Sun scraps Jefferies Supreme Court contempt appeal

The Sun has withdrawn a Supreme Court appeal against its contempt of court fine over its Chris Jefferies coverage but tabloid rival the Daily Mirror is pushing ahead with its challenge.

In June The Sun was fined £18,000 and the Mirror was hit with a £50,000 bill when the divisional court found articles published on 31 December 2010 and 1 January 2011 were in contempt.

The Supreme Court confirmed The Sun’s publisher News Group Newspapers had scrapped its appeal and a spokesperson for the Attorney’s General Office told Press Gazette it had consented to the withdrawal.

It is understood that a decision on whether to grant the Mirror’s publisher Mirror Group Newspapers permission to appeal is expected within the next fortnight.

Both publishers said they were unable to comment.

After the disappearance of Bristol architect Joanna Yeates in December 2010 the Daily Mirror carried a front page with the headline “Jo Suspect is Peeping Tom” beneath a photograph of Jefferies, and another front-page headline read “Was Killer Waiting In Jo’s Flat?”, with sub-headings below reading “Police seize bedding for tests” and “Landlord held until Tuesday”.

The Sun’s front-page headline read “Obsessed By Death”, next to a photograph of Jefferies, and below carried the words: “Jo Suspect ‘Scared Kids'”.

On the same day they were hit with contempt of court fines the papers also paid out ‘very substantial” libel damages to Jefferies along with six other national newspapers in an out of court settlement.

The Divisional Court found the Mirror and Sun coverage “impeded” the course of justice because the articles had the effect of “vilifying” Jefferies and would deter witnesses from coming forward to give evidence, which was capable of constituting contempt of court.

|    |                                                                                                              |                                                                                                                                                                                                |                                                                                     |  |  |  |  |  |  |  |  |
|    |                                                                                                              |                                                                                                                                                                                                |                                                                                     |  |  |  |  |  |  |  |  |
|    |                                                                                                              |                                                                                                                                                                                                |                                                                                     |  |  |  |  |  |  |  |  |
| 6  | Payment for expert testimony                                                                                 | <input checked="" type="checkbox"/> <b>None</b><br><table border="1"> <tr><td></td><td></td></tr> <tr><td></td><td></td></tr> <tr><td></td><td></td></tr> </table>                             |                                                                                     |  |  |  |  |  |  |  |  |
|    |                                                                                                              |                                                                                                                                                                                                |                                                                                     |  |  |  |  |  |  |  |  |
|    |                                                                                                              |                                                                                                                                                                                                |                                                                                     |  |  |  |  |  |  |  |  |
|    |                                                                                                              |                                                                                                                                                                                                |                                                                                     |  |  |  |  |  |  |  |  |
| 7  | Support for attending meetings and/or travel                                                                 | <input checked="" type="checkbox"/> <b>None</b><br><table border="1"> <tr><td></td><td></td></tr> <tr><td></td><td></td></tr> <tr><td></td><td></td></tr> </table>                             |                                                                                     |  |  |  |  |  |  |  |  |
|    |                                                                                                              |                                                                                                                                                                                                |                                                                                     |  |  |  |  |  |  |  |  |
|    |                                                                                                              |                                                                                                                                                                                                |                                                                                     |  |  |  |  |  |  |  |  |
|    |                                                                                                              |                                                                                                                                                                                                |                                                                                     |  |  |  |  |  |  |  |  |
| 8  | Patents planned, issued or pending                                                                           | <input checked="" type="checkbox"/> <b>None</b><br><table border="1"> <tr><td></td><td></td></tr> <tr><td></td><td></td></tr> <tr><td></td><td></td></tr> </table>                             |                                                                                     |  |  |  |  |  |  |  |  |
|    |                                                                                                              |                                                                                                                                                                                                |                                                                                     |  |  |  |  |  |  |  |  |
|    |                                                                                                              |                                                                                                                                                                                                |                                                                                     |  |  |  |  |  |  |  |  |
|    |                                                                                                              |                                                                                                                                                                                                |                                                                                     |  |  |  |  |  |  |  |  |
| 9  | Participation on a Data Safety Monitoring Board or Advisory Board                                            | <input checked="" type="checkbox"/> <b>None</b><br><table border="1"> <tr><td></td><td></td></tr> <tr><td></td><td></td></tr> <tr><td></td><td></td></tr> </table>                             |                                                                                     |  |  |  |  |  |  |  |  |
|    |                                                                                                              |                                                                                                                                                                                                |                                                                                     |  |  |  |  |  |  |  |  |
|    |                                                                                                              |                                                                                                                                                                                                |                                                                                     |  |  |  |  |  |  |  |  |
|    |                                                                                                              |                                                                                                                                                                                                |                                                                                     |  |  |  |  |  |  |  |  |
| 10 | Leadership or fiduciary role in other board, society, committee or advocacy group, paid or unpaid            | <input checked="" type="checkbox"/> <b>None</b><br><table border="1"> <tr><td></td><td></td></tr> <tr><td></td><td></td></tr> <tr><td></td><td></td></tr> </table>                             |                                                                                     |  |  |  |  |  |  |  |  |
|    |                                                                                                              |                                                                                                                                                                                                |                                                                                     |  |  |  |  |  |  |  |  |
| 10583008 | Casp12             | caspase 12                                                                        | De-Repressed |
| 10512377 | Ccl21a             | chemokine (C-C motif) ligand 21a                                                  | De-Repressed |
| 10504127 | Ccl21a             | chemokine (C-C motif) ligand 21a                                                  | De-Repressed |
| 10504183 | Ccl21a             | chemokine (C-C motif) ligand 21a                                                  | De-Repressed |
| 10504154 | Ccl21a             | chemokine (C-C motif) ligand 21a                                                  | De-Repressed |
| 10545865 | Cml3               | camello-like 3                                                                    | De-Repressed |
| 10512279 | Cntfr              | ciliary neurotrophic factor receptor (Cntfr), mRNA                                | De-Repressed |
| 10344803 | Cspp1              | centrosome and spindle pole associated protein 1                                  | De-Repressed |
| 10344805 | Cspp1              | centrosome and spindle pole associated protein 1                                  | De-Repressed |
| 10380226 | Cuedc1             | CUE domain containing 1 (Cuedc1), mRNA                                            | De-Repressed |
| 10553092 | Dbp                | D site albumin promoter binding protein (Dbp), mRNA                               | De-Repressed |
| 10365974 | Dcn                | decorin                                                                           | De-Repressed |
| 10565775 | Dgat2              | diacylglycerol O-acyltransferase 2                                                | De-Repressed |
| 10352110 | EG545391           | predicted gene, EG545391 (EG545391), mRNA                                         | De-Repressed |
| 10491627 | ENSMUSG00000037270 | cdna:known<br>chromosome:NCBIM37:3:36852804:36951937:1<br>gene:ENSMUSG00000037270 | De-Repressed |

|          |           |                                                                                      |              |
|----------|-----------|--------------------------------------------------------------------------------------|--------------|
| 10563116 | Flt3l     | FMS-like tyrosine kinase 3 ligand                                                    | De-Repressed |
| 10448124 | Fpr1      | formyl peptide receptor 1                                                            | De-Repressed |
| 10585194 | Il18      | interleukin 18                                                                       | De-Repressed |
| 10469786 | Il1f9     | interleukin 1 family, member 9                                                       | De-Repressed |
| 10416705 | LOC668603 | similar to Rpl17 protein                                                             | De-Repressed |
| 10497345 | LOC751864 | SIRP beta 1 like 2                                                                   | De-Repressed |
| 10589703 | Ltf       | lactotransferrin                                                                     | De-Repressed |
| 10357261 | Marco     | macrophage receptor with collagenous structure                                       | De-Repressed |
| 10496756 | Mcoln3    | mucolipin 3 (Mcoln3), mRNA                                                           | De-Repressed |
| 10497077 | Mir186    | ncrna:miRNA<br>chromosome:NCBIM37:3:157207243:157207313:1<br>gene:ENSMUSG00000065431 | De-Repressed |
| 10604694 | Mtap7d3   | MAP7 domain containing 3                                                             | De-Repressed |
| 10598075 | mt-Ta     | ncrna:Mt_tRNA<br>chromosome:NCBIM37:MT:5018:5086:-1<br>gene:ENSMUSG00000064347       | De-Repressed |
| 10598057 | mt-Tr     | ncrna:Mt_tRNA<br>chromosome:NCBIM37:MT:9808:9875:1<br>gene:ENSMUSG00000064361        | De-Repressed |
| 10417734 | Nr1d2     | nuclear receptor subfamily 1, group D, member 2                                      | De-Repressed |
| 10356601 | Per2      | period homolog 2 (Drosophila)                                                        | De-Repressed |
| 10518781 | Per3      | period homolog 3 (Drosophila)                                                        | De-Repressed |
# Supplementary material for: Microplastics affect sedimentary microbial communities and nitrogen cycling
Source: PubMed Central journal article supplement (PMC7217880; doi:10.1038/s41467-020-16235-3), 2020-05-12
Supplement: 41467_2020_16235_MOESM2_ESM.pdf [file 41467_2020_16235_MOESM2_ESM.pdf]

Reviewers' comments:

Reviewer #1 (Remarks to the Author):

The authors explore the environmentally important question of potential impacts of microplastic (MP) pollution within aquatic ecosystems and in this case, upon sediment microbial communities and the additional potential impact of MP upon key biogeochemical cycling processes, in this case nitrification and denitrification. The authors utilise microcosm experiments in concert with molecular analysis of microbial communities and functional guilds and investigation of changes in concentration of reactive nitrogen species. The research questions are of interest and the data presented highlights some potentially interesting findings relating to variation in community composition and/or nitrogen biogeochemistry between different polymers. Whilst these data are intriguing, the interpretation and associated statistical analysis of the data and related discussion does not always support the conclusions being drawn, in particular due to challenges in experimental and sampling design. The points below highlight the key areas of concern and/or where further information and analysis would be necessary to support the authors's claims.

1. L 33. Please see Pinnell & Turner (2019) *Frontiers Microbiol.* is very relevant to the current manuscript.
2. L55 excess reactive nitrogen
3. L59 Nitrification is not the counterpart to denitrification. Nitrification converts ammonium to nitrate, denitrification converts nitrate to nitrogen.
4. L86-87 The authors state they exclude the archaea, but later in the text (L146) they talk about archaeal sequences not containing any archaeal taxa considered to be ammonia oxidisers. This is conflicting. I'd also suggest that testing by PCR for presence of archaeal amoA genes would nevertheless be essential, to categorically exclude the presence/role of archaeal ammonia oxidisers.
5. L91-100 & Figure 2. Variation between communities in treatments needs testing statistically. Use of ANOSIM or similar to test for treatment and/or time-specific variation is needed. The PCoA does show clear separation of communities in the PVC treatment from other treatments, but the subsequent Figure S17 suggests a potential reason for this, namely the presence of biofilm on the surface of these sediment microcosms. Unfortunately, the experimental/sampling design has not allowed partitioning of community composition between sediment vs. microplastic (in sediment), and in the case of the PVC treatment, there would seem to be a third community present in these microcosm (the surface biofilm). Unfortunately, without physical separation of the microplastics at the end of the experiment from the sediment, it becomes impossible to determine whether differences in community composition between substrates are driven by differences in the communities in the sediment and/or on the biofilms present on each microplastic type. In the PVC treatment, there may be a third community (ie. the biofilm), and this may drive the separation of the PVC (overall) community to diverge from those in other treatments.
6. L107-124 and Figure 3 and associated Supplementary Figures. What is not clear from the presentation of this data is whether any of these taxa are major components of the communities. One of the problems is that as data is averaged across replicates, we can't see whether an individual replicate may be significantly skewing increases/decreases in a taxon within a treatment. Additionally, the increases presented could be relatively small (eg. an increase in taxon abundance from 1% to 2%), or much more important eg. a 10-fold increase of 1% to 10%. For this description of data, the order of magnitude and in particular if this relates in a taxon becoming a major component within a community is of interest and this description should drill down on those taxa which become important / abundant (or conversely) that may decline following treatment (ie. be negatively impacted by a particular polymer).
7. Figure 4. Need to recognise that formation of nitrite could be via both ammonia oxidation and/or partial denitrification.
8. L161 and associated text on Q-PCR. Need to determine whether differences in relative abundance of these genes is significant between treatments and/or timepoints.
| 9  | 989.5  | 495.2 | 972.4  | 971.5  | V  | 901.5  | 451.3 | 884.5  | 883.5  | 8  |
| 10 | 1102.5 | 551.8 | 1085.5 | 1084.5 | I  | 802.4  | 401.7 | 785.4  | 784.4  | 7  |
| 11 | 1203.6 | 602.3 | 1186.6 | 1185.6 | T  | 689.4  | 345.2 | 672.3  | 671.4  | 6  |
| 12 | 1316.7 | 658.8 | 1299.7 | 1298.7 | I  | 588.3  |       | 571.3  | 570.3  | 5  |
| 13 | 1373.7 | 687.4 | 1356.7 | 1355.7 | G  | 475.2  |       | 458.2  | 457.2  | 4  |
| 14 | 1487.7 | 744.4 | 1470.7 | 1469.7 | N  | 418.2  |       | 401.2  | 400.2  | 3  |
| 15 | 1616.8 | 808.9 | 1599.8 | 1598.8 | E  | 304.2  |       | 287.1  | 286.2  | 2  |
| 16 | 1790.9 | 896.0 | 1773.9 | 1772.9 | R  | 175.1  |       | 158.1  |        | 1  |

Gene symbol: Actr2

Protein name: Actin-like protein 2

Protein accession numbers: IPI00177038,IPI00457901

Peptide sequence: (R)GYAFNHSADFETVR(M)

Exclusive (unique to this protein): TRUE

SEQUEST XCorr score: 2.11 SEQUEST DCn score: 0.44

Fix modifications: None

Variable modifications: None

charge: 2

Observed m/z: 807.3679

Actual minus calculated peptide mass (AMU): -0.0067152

Both papers said they were appealing against the decision in August 2011.

They were expected to argue the court’s conclusion was little more than supposition and that the Attorney General, Dominic Grieve QC, failed to produce any evidence to show witnesses were deterred from coming forward.

They were also expected to argue that the Divisional Court had failed to give sufficient weight to the so-called “fade factor” in considering whether the coverage could have caused a substantial risk of serious prejudice to any proceedings.

Jefferies said he would never recover from the ‘reckless’coverage in the press when he appeared in front of the Leveson Inquiry in November,

Earlier this week Stephen Waring, The Sun’s publishing director, described the paper’s Jefferies coverage as a ‘watershed’moment for the British press that had changed the culture of the paper’s newsroom.

When Daily Mirror editor Richard Wallace gave evidence to the inquiry earlier this month he said the paper’s coverage following Jefferies’ arrest was a ‘black mark’on his editing record.

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